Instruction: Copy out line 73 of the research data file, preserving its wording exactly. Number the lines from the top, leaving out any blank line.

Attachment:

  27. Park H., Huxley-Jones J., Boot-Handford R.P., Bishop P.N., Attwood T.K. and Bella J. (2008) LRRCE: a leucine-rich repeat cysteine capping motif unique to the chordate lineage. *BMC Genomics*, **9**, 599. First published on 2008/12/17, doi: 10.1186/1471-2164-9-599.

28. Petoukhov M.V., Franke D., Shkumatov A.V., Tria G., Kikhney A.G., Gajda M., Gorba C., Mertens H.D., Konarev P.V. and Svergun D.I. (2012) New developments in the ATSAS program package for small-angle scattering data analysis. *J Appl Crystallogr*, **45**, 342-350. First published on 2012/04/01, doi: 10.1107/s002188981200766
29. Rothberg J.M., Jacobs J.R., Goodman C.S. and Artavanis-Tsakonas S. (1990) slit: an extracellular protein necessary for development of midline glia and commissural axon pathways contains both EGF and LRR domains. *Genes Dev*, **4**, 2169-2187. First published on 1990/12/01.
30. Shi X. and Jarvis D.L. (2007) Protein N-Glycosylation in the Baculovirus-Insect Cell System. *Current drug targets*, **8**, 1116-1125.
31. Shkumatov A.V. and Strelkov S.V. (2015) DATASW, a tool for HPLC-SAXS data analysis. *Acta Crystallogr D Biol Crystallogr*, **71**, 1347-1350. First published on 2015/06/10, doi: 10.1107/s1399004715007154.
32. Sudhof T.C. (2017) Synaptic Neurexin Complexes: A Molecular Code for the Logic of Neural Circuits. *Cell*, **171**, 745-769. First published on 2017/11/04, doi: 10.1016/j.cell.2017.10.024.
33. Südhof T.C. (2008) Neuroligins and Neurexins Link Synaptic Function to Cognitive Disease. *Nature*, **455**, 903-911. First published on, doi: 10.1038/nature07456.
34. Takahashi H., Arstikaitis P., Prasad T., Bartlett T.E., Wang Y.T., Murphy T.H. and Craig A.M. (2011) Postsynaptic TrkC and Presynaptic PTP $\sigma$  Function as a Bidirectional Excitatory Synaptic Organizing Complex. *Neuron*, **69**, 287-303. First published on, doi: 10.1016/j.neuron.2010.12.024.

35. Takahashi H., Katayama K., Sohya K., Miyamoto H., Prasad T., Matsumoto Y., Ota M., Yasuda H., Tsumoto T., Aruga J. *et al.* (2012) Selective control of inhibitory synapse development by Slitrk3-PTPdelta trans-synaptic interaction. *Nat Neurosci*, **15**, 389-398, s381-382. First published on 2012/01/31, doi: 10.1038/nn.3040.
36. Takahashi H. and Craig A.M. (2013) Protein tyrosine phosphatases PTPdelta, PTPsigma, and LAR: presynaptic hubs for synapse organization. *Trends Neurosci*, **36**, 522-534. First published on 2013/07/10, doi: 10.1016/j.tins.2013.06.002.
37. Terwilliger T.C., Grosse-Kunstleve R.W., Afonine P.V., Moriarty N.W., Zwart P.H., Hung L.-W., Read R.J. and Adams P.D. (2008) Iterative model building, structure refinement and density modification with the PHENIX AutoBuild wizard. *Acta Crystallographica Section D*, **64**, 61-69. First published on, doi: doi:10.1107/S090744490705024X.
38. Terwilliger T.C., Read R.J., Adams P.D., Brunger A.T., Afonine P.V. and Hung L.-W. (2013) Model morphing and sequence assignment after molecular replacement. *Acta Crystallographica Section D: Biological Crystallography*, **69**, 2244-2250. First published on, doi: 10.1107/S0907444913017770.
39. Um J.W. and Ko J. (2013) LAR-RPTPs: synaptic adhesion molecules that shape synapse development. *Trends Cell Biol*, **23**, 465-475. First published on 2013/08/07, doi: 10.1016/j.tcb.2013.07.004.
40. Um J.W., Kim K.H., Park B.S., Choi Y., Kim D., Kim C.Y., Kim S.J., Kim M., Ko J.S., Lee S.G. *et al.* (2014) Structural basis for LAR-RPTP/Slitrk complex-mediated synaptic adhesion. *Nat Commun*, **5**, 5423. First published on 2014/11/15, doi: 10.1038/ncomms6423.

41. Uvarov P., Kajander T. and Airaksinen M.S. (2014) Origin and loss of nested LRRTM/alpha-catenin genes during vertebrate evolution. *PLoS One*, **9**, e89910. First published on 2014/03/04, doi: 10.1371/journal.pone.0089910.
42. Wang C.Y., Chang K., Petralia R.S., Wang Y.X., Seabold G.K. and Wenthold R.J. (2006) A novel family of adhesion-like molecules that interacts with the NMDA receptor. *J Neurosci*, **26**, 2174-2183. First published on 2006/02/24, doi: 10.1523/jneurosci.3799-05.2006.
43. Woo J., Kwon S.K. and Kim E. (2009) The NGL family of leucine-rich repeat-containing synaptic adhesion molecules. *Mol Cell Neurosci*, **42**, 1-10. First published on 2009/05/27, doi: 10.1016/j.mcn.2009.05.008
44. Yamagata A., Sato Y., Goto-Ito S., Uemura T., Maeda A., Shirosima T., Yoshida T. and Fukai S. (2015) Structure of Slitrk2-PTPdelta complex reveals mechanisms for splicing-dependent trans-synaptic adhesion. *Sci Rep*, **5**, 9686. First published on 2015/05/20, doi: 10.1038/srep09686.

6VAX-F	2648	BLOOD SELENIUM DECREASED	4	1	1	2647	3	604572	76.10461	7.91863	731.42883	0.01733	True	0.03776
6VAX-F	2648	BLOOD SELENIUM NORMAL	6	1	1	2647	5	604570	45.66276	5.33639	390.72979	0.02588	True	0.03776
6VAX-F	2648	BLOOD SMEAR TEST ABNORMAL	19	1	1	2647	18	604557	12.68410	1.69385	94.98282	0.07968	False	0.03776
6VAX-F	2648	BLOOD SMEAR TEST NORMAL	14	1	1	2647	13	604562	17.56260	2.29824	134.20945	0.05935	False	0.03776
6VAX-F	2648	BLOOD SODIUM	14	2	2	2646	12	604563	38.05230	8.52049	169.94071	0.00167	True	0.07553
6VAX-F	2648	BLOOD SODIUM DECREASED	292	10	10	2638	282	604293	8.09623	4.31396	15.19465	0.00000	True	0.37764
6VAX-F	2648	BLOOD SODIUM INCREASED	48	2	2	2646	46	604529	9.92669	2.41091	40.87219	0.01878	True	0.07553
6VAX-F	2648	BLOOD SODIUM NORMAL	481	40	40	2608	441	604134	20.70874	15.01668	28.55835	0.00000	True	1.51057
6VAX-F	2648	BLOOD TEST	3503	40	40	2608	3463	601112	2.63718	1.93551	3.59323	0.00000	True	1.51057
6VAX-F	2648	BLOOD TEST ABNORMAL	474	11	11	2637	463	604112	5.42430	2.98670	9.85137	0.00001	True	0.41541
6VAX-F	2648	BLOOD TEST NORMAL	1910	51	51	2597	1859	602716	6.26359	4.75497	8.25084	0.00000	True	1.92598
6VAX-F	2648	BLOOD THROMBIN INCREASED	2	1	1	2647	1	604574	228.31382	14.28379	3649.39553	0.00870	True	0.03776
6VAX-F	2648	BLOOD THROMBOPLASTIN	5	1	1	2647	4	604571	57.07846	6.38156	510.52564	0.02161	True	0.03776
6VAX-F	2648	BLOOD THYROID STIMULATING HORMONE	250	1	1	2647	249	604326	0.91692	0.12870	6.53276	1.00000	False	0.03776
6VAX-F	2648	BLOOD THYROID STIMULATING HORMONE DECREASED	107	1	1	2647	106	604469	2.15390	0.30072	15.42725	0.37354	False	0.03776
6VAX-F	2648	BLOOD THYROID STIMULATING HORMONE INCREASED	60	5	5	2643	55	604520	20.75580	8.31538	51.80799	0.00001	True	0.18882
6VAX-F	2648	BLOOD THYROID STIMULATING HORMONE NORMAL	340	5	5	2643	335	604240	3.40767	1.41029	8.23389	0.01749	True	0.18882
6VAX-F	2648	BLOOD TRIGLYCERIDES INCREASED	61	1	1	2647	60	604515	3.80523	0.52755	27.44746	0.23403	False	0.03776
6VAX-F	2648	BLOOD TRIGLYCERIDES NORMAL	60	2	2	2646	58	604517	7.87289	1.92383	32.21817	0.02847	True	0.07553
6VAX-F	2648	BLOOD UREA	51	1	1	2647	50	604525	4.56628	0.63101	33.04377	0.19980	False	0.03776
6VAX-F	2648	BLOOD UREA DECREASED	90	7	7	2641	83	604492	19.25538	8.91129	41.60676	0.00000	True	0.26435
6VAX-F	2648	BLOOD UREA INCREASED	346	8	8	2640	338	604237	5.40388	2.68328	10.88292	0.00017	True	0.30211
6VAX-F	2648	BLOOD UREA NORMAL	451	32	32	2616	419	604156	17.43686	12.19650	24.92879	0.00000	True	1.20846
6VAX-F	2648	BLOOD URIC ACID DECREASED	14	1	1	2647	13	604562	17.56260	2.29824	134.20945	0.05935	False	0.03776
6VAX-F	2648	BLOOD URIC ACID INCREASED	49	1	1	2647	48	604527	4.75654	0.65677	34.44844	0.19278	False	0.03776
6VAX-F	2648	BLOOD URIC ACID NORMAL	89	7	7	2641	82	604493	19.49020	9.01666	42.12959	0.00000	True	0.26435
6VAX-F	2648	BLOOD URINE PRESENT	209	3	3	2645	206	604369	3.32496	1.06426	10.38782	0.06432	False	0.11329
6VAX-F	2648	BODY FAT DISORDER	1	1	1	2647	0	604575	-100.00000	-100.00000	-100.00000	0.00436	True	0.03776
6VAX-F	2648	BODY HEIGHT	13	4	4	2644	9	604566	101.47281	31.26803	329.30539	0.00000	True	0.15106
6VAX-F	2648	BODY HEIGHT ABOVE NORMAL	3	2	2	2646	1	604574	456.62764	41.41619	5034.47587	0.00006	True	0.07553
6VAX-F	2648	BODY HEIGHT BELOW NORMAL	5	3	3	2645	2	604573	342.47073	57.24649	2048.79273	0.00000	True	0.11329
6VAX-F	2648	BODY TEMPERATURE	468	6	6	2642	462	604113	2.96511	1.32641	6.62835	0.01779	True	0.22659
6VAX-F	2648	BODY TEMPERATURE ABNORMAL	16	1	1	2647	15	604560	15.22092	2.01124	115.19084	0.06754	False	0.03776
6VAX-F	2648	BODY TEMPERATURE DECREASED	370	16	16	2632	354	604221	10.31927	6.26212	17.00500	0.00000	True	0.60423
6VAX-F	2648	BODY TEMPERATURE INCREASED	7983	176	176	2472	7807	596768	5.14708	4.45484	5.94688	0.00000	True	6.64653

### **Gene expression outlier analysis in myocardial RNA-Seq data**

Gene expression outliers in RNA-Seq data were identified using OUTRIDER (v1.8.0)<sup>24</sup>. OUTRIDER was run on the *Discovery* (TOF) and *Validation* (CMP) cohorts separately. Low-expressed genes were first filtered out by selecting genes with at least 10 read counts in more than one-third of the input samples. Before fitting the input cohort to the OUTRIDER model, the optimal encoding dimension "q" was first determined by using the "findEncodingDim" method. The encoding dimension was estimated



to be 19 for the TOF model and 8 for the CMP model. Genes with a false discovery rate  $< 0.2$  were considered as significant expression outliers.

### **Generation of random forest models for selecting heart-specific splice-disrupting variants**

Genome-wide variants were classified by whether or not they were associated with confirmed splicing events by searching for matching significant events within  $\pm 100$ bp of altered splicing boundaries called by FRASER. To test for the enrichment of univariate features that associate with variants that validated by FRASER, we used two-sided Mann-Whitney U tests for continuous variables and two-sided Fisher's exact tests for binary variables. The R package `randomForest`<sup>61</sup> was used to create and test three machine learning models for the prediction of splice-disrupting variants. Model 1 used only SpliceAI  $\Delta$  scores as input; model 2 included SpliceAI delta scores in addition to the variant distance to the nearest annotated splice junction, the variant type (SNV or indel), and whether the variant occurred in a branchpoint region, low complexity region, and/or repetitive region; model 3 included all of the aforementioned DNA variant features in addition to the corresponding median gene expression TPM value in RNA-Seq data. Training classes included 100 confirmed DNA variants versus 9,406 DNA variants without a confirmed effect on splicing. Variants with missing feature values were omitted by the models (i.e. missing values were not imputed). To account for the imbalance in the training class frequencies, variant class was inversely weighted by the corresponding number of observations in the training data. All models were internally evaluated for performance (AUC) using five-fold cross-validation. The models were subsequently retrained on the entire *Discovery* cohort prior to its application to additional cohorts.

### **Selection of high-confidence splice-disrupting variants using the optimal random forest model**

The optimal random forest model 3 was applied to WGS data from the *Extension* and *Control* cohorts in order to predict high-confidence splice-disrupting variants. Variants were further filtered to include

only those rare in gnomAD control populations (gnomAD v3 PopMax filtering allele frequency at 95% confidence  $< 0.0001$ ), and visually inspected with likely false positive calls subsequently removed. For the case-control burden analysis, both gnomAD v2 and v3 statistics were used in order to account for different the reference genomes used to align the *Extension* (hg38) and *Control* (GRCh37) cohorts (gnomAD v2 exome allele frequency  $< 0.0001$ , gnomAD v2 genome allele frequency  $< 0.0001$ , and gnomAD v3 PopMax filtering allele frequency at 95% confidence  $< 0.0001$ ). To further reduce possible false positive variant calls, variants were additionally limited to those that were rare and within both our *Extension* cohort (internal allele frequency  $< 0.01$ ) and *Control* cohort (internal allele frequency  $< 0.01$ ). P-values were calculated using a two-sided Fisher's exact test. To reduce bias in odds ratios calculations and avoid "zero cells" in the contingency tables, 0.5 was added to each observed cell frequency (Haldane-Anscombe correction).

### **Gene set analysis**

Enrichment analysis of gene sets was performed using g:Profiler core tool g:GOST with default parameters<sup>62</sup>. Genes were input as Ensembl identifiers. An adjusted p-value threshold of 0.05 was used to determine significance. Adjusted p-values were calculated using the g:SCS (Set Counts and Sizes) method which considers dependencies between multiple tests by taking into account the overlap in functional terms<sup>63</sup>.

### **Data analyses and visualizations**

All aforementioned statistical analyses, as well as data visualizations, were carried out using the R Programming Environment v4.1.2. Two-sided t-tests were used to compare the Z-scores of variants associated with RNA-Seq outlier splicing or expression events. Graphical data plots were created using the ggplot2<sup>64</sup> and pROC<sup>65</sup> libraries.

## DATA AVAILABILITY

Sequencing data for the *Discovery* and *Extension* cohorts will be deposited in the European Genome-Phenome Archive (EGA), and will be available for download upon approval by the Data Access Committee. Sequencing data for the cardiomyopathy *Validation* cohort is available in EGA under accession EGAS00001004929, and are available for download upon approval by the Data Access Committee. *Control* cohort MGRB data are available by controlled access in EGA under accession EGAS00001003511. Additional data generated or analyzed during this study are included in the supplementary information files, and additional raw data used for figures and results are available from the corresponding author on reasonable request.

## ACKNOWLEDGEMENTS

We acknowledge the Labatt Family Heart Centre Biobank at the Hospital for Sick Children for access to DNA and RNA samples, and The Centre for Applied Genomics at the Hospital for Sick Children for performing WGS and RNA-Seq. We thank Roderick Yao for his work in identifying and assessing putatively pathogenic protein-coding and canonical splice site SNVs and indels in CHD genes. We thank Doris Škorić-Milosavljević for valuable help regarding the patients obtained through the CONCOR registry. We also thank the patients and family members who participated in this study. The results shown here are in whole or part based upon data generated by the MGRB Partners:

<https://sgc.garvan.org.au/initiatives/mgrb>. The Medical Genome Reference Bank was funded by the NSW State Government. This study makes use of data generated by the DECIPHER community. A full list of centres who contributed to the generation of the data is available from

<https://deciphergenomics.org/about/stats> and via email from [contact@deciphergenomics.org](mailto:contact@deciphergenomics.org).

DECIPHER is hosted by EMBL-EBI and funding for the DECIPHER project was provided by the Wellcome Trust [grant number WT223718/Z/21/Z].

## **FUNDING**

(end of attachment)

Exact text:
## **FUNDING**